READING, Pa. - What may seem like an accident and waiting to be picked up is here on purpose. Re-purposed, actually. Nature leads the way at The Nature Place in Reading, home of Berks Nature and a new kind of playground.
"We know kids spend about one percent, on average, outside, in unstructured free play, so we wanted to make a space where it was easy to make that happen," explained Kim Murphy, the president of The Nature Place. "Kids can take risks. They can climb trees. They can move sticks and rocks and play in our giant birds nest."
What you see in The Nature Play Zone came from the ground its built on. It's been set out for kids to play with, move around and let their imaginations run wild.
"The kids think of things that we haven't even thought of so it's nice," Murphy said.
Like the log bridge someone put at the bottom of the dry river bed.
"I noticed there is a little rock path that somebody put in, but what fun to sit here as a little kids and try to imagine that you're a bird and play in the area," Murphy added.
And perhaps catch sight of another. Blue herons and bald eagles are known to make a visit. You can learn about them inside at The Nature Place, which is next to the play zone. It's a safe spot, where they won't get caught up in the glare. The two-inch etching in the windows is intended to keep birds from flying into them.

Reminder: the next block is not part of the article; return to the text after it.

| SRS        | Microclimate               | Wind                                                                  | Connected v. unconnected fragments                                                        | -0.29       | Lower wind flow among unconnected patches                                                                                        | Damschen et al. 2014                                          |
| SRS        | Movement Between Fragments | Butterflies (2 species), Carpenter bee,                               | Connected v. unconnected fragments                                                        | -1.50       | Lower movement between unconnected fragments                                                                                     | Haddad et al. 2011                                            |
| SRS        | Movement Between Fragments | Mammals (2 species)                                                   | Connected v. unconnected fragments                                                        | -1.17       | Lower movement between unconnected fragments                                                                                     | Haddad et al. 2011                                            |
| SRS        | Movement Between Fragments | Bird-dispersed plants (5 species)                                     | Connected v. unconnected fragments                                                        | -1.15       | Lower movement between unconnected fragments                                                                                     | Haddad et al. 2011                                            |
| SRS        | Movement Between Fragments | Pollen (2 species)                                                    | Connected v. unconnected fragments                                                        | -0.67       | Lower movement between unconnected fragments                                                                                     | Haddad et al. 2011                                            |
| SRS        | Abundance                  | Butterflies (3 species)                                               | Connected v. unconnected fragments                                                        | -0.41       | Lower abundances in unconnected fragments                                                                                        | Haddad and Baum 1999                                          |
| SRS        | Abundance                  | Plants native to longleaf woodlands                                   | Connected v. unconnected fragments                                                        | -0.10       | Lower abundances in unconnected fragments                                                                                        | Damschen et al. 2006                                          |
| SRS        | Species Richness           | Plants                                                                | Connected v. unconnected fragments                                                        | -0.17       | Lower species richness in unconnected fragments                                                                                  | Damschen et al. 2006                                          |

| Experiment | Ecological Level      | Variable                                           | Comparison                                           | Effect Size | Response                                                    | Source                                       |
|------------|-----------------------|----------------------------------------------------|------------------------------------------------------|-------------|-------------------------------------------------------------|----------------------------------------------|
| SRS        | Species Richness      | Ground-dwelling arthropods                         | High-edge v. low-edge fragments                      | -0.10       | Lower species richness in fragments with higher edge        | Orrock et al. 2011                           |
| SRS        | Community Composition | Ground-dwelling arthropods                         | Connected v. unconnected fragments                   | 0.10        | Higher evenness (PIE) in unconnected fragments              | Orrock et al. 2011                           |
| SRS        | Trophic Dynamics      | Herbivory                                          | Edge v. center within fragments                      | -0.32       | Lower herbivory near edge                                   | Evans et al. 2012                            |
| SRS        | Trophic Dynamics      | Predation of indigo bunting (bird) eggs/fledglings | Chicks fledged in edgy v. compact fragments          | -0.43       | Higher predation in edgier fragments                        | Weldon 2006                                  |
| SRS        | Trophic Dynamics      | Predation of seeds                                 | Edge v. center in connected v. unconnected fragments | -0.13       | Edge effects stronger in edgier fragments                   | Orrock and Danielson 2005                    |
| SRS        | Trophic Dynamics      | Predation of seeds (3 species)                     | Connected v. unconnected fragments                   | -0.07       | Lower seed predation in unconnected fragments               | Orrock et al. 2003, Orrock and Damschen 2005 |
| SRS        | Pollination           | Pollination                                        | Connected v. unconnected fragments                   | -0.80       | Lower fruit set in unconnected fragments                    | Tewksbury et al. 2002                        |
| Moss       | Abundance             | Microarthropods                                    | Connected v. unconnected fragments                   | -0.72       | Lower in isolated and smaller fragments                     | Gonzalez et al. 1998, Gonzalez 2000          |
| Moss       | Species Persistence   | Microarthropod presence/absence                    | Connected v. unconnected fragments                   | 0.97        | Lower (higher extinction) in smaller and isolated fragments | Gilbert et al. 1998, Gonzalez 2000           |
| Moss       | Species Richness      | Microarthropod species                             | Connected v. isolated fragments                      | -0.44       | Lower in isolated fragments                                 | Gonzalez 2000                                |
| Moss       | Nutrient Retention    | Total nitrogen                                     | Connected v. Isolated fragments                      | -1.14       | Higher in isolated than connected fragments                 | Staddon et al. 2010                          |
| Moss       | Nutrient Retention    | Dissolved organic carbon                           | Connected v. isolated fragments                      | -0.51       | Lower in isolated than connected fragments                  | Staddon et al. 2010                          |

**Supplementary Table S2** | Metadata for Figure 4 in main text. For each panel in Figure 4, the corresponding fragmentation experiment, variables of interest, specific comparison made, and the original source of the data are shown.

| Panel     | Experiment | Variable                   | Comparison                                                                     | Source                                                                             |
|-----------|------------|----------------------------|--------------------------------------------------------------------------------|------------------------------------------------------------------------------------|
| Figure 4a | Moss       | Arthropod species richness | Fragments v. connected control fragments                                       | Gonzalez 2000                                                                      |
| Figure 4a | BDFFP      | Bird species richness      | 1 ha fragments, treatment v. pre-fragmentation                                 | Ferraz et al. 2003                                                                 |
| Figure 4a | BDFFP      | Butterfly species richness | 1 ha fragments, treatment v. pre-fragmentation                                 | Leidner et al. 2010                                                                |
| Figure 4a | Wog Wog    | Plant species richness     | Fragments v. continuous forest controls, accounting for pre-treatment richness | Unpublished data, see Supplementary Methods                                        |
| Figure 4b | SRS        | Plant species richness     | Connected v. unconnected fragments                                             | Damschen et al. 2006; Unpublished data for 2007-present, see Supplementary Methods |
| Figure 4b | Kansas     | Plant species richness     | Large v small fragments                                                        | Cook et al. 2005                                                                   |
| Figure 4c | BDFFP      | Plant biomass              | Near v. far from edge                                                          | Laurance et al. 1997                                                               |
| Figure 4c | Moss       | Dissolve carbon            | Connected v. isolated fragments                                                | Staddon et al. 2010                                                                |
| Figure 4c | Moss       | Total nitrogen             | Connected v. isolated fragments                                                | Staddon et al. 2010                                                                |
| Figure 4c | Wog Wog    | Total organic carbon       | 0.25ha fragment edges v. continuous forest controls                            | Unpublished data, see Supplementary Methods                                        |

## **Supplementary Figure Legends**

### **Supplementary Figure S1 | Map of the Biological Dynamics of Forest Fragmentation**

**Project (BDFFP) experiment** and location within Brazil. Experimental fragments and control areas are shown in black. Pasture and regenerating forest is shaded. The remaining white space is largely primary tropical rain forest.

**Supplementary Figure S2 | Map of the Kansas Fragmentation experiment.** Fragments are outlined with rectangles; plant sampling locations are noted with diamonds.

The learning center is a teaching tool. The exterior wood is reclaimed from mushroom houses in Chester County, and the stone is from farmhouses across the Northeast. It's surrounded by forest, wetlands. streams and an upland meadow.
A nature-based preschool is slated to open in 2018.
"It's so much more beneficial for the rest of their lives having to be outside rather than inside all the time," said the preschool' director, Anne Muvdi.
"When you're teaching class, you can let nature in and let the kids out all at once," said Michael Griffith, education and watershed specialist.
"I hope kids come here all the time and just learn to take risks and that they use their imagination and that they bond with nature," Murphy said. "That they understand and begin to develop a relationship with nature so that, in the future, they will be willing to protect and conserve it."
It's designed to get your hands dirty.
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